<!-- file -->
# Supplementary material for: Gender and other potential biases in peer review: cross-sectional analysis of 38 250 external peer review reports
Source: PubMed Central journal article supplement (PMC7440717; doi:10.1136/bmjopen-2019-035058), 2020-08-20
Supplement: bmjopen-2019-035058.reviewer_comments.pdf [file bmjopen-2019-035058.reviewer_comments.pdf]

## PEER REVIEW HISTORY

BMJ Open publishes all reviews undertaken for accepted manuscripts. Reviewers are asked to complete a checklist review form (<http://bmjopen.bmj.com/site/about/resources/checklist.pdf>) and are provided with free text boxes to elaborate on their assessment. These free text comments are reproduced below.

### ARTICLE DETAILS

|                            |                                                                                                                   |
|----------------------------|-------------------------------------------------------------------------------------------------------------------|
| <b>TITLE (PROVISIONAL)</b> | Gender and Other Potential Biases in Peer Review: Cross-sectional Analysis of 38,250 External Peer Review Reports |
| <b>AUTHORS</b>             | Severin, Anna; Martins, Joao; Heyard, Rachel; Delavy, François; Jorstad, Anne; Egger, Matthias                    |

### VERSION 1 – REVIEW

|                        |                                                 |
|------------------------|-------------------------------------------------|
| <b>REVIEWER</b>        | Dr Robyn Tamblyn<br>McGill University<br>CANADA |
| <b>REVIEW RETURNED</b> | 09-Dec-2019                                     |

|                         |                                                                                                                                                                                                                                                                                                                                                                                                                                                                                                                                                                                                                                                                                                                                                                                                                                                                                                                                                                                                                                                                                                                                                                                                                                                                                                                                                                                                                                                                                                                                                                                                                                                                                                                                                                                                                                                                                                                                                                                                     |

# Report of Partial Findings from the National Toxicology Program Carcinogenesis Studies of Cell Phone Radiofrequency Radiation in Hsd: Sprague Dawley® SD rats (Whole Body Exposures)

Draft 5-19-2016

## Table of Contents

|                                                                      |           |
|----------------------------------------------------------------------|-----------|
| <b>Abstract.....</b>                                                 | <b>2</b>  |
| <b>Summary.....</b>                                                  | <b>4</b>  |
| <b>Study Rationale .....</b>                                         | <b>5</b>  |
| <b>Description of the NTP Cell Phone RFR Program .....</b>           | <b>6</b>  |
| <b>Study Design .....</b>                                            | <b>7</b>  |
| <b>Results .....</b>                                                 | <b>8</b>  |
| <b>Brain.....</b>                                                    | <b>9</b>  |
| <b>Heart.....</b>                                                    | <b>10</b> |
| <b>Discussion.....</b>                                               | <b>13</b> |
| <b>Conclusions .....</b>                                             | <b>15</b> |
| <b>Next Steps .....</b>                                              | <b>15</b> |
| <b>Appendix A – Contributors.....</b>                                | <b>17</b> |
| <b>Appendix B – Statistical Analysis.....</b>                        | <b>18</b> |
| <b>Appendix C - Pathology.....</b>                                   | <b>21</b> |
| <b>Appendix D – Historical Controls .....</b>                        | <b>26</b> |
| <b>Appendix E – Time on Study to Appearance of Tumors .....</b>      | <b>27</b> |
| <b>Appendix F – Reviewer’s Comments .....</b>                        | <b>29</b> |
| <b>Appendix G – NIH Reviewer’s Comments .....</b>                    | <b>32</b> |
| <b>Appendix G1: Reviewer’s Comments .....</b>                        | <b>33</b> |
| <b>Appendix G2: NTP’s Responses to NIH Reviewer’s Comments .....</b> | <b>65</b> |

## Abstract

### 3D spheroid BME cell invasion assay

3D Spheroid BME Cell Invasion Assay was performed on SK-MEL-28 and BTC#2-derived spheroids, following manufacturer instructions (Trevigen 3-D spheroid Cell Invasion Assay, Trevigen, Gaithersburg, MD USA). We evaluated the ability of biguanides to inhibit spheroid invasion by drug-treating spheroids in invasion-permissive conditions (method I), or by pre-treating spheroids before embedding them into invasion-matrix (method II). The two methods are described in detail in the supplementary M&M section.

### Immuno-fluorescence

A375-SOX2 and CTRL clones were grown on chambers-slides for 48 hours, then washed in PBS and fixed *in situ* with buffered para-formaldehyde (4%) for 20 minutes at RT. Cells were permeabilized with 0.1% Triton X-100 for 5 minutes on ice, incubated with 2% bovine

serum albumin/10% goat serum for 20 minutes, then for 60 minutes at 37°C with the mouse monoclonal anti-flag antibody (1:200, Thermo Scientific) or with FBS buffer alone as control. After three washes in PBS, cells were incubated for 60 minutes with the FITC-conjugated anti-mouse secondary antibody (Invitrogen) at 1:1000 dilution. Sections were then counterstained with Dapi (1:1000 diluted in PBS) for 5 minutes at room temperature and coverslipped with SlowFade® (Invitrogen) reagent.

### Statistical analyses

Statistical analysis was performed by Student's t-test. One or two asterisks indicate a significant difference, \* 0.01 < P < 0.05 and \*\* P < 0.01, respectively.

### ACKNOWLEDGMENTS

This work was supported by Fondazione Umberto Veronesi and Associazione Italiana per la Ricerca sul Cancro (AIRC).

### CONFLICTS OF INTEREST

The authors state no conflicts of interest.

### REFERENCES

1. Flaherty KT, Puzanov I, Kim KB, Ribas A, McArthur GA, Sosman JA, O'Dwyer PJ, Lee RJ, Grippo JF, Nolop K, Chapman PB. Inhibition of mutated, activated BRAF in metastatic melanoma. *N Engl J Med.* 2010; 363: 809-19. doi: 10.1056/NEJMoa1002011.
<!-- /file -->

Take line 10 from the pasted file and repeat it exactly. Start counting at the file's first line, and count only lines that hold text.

| <b>AUTHORS</b>             | Severin, Anna; Martins, Joao; Heyard, Rachel; Delavy, François; Jorstad, Anne; Egger, Matthias                    |